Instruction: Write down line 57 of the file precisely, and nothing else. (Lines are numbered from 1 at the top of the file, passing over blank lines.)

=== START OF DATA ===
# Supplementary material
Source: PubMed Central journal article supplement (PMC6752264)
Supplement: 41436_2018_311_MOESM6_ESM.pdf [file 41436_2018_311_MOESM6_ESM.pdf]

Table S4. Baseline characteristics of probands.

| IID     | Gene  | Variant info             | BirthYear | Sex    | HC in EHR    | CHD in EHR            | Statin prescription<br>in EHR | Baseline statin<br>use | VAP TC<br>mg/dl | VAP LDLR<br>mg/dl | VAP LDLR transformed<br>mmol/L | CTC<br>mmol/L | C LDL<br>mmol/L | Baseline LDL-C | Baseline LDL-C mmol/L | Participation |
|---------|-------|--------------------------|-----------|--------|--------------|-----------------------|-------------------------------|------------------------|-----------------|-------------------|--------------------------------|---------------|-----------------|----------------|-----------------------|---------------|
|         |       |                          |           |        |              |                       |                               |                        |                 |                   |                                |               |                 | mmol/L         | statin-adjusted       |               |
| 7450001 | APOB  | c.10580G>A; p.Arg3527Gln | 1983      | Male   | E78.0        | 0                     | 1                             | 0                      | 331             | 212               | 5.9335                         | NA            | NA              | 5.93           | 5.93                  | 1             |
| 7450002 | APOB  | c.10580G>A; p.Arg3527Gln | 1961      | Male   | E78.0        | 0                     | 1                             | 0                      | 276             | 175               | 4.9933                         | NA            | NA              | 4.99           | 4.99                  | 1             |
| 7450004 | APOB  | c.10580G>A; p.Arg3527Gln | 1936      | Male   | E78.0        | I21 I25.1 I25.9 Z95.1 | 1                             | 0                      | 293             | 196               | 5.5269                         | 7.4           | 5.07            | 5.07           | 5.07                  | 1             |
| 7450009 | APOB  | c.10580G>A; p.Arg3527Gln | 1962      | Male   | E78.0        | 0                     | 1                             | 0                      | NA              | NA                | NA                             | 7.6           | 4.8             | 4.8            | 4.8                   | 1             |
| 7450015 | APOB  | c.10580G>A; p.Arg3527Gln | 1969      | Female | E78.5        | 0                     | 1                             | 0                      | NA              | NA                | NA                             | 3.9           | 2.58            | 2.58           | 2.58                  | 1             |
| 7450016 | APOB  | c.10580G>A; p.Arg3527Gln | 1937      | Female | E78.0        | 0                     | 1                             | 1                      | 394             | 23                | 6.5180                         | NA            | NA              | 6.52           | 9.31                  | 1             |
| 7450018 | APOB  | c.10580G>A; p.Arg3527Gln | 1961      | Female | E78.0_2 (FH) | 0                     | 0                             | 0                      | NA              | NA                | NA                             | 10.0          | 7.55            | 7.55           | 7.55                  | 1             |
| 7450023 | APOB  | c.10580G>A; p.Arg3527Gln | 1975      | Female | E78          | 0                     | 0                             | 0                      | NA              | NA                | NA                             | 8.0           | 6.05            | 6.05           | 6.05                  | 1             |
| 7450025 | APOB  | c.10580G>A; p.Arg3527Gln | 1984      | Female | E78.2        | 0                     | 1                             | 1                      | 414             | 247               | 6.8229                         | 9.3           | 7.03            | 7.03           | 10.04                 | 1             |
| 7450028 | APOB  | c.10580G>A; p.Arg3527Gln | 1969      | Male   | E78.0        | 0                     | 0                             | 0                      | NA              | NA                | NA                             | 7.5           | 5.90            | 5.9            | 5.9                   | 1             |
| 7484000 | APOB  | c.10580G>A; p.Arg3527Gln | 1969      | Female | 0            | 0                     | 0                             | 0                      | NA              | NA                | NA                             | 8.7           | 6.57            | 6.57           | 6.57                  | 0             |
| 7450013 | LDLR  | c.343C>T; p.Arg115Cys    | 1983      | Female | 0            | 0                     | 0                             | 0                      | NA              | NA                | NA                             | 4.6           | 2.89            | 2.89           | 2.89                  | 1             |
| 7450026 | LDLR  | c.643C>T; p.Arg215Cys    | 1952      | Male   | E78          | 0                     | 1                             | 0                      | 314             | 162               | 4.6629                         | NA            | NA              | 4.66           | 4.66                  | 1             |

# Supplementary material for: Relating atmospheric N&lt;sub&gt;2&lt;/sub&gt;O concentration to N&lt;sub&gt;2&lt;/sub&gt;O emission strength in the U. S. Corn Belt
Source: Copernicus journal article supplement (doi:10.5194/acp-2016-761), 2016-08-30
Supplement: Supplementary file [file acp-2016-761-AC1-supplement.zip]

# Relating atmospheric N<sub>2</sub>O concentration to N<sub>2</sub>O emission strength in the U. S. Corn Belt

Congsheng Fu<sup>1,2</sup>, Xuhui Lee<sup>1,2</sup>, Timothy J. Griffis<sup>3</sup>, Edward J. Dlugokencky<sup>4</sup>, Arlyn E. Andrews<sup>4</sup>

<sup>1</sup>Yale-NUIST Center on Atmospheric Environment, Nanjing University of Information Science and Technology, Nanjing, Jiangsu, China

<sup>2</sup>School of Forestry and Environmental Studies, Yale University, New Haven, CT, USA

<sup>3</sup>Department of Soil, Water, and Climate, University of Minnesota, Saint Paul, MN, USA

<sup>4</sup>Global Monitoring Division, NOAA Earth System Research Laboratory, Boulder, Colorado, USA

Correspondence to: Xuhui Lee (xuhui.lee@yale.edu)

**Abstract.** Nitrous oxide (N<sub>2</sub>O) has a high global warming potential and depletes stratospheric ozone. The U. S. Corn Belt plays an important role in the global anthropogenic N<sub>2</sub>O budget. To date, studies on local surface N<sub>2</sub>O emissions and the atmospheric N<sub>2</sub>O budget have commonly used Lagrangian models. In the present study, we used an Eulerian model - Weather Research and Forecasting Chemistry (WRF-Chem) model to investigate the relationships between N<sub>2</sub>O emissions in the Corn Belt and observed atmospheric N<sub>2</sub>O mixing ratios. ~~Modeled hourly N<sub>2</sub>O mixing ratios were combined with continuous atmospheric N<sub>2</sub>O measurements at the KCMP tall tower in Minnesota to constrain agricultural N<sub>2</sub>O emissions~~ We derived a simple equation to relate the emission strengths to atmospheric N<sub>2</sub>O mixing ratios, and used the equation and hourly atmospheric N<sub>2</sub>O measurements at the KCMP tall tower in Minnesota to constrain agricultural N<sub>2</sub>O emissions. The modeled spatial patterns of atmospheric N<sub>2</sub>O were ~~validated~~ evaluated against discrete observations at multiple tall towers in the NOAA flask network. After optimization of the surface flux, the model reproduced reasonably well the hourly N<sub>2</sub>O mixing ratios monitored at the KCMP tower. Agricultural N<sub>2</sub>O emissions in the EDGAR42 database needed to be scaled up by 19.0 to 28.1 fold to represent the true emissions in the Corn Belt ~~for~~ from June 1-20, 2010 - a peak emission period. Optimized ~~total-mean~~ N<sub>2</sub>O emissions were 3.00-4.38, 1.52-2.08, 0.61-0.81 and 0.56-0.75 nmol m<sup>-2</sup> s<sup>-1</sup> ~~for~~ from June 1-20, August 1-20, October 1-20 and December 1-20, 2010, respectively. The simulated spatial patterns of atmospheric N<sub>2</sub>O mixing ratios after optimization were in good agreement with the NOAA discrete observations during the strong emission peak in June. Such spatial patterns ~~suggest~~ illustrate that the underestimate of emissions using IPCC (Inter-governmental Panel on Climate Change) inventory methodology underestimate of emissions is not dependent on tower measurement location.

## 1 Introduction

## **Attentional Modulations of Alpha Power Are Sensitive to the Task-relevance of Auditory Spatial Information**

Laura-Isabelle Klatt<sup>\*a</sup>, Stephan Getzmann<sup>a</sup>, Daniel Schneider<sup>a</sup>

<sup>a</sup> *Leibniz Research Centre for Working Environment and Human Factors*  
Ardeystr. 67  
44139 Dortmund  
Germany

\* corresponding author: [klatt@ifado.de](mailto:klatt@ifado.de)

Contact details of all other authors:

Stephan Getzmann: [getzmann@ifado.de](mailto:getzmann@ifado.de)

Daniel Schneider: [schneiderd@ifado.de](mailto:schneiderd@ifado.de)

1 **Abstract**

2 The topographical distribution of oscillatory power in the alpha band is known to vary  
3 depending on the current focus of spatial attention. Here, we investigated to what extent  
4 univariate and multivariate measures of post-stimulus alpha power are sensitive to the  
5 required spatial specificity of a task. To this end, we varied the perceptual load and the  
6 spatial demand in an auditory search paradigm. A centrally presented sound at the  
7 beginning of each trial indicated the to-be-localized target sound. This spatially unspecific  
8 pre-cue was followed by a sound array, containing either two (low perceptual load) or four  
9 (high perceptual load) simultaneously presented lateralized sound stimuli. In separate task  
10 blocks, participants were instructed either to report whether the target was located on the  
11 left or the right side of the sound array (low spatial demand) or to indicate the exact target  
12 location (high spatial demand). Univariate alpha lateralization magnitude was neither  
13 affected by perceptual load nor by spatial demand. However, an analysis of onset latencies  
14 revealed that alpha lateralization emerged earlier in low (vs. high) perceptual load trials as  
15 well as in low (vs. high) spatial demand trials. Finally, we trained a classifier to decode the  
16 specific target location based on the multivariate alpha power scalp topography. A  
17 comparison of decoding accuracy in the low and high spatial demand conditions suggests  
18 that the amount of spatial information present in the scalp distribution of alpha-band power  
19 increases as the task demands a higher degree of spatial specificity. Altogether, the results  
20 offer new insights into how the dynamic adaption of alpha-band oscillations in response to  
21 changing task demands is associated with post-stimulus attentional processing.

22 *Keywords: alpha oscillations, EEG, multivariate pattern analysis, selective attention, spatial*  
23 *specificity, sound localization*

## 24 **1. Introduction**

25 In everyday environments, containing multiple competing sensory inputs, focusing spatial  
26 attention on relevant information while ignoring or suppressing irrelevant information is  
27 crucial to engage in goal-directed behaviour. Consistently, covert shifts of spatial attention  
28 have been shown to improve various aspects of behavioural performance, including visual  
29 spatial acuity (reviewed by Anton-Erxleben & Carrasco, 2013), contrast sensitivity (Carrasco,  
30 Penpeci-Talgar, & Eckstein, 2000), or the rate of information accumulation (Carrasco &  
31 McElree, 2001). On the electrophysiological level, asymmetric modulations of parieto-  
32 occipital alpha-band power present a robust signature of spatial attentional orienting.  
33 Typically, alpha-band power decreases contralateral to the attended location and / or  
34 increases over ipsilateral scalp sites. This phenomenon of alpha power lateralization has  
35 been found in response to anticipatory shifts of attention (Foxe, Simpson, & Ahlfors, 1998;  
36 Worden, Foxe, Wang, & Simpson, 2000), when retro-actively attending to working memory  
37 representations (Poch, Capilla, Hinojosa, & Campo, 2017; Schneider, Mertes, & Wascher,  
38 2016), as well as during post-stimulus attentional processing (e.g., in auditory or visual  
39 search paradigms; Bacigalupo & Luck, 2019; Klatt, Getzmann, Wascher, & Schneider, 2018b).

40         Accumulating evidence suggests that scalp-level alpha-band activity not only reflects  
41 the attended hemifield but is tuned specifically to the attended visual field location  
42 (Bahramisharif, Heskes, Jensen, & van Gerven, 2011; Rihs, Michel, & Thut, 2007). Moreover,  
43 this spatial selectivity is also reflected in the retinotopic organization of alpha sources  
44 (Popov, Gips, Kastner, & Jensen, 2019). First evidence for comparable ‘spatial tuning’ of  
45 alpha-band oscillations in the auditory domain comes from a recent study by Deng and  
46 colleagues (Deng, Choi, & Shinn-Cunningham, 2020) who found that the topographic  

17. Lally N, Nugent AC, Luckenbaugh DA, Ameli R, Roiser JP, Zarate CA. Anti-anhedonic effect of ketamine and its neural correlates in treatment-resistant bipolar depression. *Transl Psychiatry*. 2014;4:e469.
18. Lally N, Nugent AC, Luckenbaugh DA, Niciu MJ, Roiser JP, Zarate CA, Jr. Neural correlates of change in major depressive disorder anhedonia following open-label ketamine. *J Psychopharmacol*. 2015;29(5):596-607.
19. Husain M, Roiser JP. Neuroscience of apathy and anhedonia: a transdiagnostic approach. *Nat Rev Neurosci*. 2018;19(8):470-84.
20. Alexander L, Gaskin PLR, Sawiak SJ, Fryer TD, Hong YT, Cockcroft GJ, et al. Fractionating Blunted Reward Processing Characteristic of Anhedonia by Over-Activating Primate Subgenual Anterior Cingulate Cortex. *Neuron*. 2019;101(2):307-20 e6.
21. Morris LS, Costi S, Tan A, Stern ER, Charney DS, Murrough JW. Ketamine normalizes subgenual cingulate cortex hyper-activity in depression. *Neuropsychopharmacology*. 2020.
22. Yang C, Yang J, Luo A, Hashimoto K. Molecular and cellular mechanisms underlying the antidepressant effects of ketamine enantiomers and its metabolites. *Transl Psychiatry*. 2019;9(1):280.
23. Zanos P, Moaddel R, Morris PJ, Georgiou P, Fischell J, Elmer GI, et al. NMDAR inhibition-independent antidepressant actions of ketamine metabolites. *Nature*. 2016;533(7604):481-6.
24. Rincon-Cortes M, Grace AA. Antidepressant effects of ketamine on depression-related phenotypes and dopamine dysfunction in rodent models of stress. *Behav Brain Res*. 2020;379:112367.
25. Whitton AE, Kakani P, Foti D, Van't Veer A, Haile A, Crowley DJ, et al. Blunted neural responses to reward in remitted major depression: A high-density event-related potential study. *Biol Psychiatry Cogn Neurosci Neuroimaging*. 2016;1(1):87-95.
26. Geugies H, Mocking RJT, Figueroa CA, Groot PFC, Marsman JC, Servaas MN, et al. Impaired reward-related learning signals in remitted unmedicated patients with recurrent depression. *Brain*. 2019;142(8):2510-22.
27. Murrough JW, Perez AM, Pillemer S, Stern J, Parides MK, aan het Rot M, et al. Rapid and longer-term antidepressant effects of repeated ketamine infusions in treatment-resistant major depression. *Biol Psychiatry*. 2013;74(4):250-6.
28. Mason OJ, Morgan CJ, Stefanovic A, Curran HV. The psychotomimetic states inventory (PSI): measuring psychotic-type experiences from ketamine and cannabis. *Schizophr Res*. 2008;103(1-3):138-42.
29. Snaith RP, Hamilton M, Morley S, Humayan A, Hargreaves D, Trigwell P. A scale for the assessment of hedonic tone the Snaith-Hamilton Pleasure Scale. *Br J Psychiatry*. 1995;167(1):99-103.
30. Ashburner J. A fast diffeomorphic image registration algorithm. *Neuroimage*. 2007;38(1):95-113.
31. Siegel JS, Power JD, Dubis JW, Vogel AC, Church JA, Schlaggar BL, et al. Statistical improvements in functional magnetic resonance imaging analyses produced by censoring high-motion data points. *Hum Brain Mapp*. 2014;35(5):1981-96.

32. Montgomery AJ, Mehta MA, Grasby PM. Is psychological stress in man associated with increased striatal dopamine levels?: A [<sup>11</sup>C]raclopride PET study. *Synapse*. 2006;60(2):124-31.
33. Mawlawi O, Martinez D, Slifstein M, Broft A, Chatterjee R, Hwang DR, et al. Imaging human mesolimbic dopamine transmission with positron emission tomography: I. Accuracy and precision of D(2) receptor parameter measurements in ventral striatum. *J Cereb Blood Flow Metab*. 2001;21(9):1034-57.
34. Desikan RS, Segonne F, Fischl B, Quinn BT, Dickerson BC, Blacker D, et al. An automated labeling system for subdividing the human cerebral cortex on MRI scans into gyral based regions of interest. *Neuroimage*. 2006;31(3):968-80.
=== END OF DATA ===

15 well as in low (vs. high) spatial demand trials. Finally, we trained a classifier to decode the  